The shortage of cash means relatively modest injections of fund groups such as Hezbollah can make a real difference. They reap the rewards of positive PR in the communities. "Politics came into football and destroyed it," said Rahif Alameh, secretary-general of the Lebanese Football Association in 2010.

There are no wealthy sheikh,s such as those that finance the game in Kuwait and (especially) UAE. There are no big name stars such as Asamoah Gyan. There's no Diego Maradona for the media, both local and international, to fawn over. Lebanon's star player Youssef Mohamad plays abroad, serving as Fabio Cannavaro's replacement at Al Ahli of Dubai.

The former FC Koln defender is a rare example of a successful export. He still wears Koln's red and white socks in training, a practice Bucker does not mind. He's happy his skipper shows pride in his achievements in front of teammates. Bucker encourages Mohamad to eat with different players every meal - to try and share some Bundesliga habits, even if it is just those of what to eat.

UALIFYING ROAD Expected to struggle in Group B, Lebanon is one result away from securing one of the group's two places in AFC's fourth round qualifying.

Sep. 2, 2011 - South Korea 6, Lebanon 0 Sep. 6, 2011 - Lebanon 3, United Arab Emirates 1 Oct. 11, 2011 - Lebanon 2, Kuwait 2 Nov. 11, 2011 - Kuwait 0, Lebanon 1 Nov. 15, 2011 - Lebanon 2, South Korea 1 Feb. 29, 2011 - United Arab Emirates vs. Lebanon "The players are professional but most are so in name only," Bucker, now in his second spell as boss, says on the team bus heading to practice. "Most of them come from the poor areas of Beirut, and while pay for footballers is relatively good, many of them are still thinking about getting a 'real' job that is stable, like engineering."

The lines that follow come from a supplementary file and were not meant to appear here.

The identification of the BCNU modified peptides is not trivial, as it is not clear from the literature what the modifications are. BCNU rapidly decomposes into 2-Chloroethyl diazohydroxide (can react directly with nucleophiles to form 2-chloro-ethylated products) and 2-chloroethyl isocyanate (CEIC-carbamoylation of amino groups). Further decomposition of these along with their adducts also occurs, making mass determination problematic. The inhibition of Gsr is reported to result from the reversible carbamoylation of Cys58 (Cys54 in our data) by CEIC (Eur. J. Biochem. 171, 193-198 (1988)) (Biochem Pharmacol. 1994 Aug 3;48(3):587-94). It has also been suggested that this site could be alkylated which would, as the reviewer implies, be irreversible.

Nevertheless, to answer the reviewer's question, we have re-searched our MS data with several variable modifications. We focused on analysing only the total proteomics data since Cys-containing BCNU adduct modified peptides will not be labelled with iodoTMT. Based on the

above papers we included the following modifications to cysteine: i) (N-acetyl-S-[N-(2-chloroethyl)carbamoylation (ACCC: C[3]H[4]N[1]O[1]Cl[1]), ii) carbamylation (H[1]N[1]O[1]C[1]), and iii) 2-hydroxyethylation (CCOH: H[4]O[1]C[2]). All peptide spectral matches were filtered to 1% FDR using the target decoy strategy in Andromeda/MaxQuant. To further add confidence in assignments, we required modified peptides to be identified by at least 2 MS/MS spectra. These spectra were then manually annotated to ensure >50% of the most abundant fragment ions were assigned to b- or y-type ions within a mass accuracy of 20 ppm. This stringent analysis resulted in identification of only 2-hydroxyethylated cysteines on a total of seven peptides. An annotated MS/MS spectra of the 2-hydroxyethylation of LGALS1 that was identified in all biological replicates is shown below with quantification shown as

That is changing, too. After the loss in Korea, the Cedars bounced back. Only 4,000 turned out in Beirut to see the next match at home to a rival UAE side that was expected to fight with Kuwait for second place. Despite falling behind, Lebanon ran out deserved 3-1 winners. Then came another home match against Kuwaiti. With a minute to go, Bucker was on the verge of another great win, but a last-gasp own goal meant the game ended 2-2.

Lebanon got it back in Kuwait City, 1-0 thanks to a lone strike from Mahmoud Al Eli. The result sent the country into shock. After four games, Lebanon had seven points and sat second. Lebanese journalists started to get excited, noting that with Kuwait having to go to Korea for the last match and almost certain to lose, Lebanon would only need to win in UAE on the final day to progress. The game in Beirut against Korea was seen as a bonus, no-lose situation.

It became more than that. The morning of the game, the country's television channels talked of little else. Then, on a grey and cold Wednesday afternoon in Beirut, 40,000 fans went crazy as their heroes took an early lead. Too early, said some, and sure enough, Korea soon equalized with a penalty from Wolfsburg midfielder Koo Ja-cheol.

Lebanon came back at the visitor who, strangely for a Korean team, looked like it wasn't really up for the fight. Lebanon regained its advantage just before the break, leading to possibly as many prayers in as little time as have every been cast at a football score. The city and (seemingly) whole country chanted "Minshan Allah, Libnan yallah'' "For God's Sake, Lebanon Come On''. The party lasted long after the final whistle sounded, transcending the nation's famous fault lines.

The party will be even bigger if a place is booked in the final 10. Should it happen, even Bucker's mother-in-law is likely to lay off him. For a while, at least.